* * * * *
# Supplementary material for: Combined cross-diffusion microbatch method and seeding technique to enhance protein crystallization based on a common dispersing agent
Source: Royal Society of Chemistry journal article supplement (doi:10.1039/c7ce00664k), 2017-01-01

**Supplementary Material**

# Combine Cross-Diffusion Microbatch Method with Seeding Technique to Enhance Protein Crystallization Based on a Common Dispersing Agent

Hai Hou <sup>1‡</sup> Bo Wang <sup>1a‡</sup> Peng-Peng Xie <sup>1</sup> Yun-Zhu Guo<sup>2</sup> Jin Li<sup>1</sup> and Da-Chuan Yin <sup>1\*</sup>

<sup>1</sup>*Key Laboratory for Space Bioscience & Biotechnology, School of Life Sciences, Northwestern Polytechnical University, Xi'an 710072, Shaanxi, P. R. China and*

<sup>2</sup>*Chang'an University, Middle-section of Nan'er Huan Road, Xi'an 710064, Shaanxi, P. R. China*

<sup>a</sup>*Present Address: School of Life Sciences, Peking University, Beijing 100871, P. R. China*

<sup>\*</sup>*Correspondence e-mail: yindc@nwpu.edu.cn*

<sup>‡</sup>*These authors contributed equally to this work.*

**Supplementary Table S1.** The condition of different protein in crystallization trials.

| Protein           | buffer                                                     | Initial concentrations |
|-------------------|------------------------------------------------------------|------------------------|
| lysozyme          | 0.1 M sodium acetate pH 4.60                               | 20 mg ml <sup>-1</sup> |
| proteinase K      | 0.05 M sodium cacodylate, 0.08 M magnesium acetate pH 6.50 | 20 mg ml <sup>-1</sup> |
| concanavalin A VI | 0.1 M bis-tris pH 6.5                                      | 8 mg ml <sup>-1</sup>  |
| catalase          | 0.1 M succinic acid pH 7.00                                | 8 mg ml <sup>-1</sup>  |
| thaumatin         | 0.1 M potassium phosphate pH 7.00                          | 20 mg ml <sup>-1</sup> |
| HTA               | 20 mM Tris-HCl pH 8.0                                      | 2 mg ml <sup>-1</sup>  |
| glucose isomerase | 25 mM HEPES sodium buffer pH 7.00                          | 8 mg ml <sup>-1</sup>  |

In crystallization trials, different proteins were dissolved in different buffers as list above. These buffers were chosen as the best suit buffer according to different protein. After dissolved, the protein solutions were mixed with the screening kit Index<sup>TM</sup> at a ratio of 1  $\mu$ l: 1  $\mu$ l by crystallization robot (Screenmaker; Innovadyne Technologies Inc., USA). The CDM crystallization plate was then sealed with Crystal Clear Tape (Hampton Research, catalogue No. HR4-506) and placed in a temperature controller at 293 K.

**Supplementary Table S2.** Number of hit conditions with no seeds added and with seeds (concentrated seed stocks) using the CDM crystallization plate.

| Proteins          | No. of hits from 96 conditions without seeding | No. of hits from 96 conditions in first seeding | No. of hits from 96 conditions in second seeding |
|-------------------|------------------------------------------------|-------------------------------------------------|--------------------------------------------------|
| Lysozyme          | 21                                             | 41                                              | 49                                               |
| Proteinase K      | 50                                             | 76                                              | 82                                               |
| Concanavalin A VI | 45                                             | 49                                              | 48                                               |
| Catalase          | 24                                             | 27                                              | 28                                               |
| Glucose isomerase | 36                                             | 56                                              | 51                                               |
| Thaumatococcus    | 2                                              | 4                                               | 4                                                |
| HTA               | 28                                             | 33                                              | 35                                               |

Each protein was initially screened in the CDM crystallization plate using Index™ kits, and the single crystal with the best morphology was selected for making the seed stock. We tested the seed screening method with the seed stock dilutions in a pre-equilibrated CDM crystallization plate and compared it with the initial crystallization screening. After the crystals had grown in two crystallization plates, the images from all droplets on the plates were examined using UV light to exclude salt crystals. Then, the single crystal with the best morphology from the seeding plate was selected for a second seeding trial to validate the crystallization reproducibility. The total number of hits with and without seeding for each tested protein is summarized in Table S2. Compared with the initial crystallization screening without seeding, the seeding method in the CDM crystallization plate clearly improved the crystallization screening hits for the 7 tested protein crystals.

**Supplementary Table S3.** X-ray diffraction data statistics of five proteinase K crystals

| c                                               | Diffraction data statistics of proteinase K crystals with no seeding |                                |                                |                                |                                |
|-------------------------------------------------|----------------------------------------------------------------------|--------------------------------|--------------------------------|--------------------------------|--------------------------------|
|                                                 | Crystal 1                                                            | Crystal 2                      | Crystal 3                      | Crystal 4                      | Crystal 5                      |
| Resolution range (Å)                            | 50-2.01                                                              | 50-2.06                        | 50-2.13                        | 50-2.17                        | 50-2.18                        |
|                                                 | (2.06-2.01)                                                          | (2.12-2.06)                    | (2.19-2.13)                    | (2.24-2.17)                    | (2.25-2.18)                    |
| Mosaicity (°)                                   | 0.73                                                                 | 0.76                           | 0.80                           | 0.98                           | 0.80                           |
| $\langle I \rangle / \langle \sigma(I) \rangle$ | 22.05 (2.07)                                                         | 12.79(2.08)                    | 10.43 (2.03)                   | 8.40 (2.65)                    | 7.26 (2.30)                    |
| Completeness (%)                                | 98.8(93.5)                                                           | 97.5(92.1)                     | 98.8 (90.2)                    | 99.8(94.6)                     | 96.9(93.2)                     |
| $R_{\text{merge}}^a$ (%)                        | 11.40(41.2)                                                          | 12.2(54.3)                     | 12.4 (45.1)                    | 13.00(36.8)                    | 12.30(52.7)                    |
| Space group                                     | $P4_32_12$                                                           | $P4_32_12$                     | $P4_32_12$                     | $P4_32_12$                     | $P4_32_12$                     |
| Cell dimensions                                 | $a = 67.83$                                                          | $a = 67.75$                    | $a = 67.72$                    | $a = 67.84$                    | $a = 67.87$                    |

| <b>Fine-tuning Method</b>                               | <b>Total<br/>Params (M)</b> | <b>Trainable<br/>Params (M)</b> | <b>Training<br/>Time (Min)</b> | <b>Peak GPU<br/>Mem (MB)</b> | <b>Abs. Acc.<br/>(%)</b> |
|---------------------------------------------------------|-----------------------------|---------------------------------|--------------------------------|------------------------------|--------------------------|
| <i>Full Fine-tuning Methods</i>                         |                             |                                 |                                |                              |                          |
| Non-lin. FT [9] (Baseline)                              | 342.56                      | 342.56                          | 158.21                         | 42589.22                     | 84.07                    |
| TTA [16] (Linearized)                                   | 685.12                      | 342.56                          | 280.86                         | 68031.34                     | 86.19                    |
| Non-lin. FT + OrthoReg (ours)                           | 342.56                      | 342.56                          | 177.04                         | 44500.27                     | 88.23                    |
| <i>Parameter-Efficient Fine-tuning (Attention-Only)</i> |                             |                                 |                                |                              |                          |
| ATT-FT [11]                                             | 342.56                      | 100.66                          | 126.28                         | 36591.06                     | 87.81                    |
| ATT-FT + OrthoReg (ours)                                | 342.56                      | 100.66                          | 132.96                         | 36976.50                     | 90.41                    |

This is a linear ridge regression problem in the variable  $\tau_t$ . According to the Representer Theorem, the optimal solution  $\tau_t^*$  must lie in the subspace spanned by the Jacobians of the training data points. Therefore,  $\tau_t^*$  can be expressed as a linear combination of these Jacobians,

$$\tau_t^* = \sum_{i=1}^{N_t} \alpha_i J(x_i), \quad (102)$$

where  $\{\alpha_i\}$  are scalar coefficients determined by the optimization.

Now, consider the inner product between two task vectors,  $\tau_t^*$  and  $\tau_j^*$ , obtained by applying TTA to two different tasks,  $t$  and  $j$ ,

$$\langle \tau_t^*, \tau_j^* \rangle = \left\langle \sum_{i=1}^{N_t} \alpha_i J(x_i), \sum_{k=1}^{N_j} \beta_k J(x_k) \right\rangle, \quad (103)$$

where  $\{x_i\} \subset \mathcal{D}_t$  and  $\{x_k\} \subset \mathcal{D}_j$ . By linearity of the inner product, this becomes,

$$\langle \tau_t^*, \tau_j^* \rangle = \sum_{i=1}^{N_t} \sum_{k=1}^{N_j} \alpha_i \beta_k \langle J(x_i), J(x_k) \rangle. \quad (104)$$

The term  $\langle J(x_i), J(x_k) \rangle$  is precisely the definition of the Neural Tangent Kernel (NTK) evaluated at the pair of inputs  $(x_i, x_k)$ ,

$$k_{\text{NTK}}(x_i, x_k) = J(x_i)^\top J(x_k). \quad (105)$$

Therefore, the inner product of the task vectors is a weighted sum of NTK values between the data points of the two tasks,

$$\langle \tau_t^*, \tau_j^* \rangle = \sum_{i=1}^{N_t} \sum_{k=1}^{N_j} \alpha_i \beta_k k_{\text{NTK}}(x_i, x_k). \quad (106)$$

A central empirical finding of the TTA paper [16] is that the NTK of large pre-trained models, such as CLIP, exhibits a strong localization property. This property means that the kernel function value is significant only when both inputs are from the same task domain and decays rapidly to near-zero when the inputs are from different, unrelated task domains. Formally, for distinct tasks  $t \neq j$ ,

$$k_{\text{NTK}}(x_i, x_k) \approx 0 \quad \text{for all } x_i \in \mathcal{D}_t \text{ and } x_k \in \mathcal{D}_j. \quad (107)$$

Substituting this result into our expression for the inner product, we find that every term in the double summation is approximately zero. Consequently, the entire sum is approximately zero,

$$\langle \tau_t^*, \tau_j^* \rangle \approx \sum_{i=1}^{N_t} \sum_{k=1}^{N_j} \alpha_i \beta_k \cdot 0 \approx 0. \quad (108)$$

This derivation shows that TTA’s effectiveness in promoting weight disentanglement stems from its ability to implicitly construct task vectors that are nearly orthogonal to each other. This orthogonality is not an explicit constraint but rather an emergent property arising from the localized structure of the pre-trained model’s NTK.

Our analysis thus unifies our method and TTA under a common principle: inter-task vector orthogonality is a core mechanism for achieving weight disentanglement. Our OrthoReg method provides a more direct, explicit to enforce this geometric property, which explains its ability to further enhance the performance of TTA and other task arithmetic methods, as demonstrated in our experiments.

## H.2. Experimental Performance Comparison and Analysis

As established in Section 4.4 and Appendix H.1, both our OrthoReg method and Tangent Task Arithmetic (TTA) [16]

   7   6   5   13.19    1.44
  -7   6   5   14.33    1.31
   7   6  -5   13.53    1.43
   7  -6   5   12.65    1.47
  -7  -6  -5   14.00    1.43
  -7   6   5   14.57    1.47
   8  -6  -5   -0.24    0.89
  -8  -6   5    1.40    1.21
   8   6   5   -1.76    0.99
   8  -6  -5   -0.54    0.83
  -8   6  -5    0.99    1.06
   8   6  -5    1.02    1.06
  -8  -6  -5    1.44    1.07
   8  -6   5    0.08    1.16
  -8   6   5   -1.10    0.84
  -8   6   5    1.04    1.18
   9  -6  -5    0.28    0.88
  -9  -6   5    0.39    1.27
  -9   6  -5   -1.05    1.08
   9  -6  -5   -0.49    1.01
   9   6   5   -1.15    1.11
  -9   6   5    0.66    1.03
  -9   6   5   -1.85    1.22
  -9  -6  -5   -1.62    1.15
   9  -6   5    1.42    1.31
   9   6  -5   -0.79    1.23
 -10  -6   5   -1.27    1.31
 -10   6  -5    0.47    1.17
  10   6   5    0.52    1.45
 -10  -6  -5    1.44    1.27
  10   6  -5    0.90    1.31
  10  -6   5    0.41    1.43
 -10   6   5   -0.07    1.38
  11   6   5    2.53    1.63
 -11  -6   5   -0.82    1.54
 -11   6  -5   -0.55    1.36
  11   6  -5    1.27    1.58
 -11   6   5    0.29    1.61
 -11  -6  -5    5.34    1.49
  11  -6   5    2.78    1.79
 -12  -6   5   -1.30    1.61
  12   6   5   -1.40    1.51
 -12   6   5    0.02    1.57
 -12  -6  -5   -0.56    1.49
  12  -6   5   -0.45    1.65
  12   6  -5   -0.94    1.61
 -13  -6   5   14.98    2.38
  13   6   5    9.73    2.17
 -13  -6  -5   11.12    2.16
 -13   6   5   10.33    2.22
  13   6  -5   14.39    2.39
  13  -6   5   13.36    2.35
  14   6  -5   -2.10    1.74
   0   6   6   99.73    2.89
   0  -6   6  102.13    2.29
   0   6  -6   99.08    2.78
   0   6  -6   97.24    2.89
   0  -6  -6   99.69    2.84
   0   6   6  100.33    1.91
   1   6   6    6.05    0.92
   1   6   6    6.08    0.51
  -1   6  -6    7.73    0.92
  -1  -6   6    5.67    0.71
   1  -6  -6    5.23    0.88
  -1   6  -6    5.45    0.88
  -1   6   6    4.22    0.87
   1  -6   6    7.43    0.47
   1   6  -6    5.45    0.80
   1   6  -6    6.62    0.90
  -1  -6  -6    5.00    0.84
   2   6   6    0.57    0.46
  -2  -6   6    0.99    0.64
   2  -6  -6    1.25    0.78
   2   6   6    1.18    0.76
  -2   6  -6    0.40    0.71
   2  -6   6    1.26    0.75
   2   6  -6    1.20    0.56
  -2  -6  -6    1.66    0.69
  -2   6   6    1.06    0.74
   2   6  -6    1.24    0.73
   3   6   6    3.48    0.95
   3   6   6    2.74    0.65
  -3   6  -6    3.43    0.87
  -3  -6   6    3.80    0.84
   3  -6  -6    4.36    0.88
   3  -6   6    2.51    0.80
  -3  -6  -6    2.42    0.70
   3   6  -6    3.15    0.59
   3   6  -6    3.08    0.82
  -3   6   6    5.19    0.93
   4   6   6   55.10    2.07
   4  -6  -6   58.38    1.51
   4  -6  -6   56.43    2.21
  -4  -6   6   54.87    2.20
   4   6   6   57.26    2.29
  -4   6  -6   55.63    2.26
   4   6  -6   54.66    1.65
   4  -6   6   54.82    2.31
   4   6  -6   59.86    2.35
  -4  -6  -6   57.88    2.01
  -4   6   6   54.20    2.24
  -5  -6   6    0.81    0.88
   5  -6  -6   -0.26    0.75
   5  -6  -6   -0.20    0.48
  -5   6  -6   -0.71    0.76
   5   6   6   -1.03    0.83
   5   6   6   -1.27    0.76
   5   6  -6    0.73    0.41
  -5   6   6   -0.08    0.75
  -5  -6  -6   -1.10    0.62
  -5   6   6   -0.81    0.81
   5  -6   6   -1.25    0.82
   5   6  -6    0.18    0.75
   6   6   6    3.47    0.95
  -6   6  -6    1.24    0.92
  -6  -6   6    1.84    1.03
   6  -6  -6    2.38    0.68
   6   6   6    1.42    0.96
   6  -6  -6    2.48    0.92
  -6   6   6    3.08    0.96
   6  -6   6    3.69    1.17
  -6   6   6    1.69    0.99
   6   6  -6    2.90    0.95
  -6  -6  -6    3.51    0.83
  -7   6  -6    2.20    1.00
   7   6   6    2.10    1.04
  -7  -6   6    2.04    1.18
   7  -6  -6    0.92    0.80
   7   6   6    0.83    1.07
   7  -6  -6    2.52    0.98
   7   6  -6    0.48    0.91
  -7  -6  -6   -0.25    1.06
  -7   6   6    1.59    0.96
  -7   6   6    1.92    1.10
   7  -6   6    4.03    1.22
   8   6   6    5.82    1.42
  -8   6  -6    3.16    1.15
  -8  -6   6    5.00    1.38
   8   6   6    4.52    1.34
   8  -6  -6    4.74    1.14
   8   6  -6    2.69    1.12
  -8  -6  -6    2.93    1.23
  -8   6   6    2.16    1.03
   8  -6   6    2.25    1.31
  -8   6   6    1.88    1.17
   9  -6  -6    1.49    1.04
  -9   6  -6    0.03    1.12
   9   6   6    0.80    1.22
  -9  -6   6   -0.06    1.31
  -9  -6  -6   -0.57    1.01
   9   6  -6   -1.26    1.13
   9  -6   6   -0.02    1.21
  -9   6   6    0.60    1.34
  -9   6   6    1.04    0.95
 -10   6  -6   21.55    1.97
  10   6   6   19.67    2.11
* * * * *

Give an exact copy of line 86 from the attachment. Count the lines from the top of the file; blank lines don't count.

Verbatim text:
   8  -6   5    0.08    1.16